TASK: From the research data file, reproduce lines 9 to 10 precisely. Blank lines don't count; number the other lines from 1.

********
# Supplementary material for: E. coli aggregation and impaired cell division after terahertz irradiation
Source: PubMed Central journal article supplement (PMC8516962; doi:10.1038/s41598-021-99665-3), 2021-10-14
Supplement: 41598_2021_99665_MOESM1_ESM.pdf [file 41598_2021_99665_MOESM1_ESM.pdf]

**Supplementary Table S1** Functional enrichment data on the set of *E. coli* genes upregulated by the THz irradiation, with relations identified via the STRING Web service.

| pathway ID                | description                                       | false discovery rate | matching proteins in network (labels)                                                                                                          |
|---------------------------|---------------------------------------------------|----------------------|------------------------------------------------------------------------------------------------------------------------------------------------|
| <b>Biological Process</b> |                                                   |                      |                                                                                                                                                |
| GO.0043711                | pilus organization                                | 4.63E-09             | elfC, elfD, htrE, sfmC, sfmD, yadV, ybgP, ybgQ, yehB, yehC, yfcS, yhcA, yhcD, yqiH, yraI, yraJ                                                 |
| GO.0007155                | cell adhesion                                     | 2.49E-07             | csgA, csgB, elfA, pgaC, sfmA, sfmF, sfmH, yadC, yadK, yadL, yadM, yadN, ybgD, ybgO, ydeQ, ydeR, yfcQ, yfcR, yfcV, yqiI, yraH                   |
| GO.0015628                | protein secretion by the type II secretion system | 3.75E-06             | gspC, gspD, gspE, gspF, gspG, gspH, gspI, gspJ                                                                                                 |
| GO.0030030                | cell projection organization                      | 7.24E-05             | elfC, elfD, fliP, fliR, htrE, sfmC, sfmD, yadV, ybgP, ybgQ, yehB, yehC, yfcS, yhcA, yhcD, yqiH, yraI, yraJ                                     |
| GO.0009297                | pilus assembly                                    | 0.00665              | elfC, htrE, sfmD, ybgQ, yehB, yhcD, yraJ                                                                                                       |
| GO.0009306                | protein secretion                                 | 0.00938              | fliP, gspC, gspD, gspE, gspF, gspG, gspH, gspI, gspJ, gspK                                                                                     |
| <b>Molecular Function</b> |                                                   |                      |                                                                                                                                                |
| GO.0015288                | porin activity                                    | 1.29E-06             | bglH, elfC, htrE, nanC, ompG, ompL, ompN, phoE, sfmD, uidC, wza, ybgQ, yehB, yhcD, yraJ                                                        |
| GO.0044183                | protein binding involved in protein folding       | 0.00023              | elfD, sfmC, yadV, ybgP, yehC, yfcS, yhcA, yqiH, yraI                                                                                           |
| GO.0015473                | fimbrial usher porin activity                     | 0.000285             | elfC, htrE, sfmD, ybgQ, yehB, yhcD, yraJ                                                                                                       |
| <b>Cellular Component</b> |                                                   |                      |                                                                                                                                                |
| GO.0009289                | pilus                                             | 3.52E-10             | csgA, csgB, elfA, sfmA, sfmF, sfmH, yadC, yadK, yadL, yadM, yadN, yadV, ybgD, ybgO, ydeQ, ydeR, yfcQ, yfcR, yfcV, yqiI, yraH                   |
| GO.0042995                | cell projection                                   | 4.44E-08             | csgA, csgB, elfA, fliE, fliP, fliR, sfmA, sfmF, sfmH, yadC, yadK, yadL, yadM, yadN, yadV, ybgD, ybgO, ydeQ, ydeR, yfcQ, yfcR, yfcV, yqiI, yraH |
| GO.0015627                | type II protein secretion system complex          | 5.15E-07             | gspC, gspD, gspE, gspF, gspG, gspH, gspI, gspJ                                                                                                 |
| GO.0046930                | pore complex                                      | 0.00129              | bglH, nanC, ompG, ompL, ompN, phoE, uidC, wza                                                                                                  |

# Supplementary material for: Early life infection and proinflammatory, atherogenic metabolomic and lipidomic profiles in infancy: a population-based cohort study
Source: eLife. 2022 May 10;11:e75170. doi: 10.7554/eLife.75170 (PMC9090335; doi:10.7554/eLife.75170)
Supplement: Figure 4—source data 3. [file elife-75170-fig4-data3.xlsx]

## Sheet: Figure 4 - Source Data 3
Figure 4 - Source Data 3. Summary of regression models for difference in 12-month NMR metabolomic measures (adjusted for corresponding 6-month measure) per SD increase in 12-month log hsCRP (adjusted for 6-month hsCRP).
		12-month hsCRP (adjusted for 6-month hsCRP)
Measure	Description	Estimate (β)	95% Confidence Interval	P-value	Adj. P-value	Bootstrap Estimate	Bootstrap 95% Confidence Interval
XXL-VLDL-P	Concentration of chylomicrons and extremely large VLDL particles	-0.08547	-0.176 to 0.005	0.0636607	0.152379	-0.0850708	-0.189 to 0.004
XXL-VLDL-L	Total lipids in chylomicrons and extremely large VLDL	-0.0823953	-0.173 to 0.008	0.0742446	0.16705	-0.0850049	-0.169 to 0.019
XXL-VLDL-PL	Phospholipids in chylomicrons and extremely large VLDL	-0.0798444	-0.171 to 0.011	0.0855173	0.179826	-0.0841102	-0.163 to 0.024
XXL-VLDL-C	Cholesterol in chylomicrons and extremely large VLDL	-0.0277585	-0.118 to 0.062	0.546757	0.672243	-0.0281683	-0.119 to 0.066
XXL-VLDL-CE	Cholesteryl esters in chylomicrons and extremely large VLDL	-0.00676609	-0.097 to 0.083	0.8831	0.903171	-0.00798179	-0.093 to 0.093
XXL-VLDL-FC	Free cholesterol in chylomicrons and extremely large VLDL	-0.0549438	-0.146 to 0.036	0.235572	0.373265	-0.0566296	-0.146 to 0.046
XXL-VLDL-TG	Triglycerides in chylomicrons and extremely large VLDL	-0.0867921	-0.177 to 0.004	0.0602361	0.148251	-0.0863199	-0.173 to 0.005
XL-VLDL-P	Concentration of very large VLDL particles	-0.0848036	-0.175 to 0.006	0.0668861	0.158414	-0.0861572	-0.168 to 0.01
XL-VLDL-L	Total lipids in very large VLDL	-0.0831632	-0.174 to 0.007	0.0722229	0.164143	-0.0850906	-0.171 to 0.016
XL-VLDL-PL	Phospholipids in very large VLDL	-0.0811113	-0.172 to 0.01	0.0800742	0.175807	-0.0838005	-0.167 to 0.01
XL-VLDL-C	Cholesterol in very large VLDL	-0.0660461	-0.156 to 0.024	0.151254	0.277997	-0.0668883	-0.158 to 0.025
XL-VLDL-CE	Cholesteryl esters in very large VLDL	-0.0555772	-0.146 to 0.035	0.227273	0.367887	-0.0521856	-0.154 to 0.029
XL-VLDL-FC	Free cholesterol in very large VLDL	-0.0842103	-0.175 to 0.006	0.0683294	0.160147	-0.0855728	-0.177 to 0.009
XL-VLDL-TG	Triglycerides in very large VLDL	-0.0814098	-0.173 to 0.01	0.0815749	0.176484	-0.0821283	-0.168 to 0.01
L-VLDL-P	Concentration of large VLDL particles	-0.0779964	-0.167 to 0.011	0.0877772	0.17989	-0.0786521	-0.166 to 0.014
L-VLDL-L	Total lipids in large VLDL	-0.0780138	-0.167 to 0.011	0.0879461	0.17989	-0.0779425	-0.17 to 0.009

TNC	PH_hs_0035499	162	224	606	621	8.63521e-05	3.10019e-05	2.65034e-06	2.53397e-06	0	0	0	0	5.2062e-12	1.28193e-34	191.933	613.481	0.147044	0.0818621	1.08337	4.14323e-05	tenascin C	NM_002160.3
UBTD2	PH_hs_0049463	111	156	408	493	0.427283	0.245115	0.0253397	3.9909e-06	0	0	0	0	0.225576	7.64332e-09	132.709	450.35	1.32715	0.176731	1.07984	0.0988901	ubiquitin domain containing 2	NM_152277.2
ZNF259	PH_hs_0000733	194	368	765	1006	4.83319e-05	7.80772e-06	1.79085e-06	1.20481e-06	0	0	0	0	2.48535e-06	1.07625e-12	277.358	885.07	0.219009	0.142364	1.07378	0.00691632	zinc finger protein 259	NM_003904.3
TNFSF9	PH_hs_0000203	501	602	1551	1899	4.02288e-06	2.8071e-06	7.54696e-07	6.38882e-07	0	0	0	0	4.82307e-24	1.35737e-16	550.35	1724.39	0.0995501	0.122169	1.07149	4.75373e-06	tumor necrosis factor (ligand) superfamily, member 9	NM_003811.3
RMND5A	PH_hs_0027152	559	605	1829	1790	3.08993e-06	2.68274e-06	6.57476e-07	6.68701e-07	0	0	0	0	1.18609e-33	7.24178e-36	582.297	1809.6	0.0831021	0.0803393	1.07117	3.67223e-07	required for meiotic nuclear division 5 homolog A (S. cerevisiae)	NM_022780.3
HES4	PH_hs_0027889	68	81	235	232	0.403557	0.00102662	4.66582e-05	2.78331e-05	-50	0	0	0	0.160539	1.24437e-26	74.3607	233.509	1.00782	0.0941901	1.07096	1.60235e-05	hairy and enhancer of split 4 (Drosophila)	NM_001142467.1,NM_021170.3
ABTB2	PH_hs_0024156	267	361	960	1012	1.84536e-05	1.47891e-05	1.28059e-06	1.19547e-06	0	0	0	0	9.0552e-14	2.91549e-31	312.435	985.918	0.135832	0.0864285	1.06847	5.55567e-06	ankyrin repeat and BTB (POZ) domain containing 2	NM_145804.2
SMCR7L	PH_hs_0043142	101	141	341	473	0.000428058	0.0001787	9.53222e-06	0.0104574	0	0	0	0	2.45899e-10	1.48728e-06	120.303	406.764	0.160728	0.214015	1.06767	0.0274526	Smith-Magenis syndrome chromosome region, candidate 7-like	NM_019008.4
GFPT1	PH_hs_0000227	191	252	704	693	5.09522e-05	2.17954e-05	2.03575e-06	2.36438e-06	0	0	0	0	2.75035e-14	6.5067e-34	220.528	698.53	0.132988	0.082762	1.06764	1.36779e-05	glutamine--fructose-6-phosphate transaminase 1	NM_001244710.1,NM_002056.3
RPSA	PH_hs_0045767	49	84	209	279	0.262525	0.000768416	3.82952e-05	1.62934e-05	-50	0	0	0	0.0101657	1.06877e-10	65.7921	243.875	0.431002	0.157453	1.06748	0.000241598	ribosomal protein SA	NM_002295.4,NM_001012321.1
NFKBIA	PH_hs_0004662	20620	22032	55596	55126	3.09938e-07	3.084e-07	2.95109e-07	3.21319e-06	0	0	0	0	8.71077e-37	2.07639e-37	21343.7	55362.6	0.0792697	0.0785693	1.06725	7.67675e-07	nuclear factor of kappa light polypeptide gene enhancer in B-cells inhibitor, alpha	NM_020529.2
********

| GO.0007155                | cell adhesion                                     | 2.49E-07             | csgA, csgB, elfA, pgaC, sfmA, sfmF, sfmH, yadC, yadK, yadL, yadM, yadN, ybgD, ybgO, ydeQ, ydeR, yfcQ, yfcR, yfcV, yqiI, yraH                   |
| GO.0015628                | protein secretion by the type II secretion system | 3.75E-06             | gspC, gspD, gspE, gspF, gspG, gspH, gspI, gspJ                                                                                                 |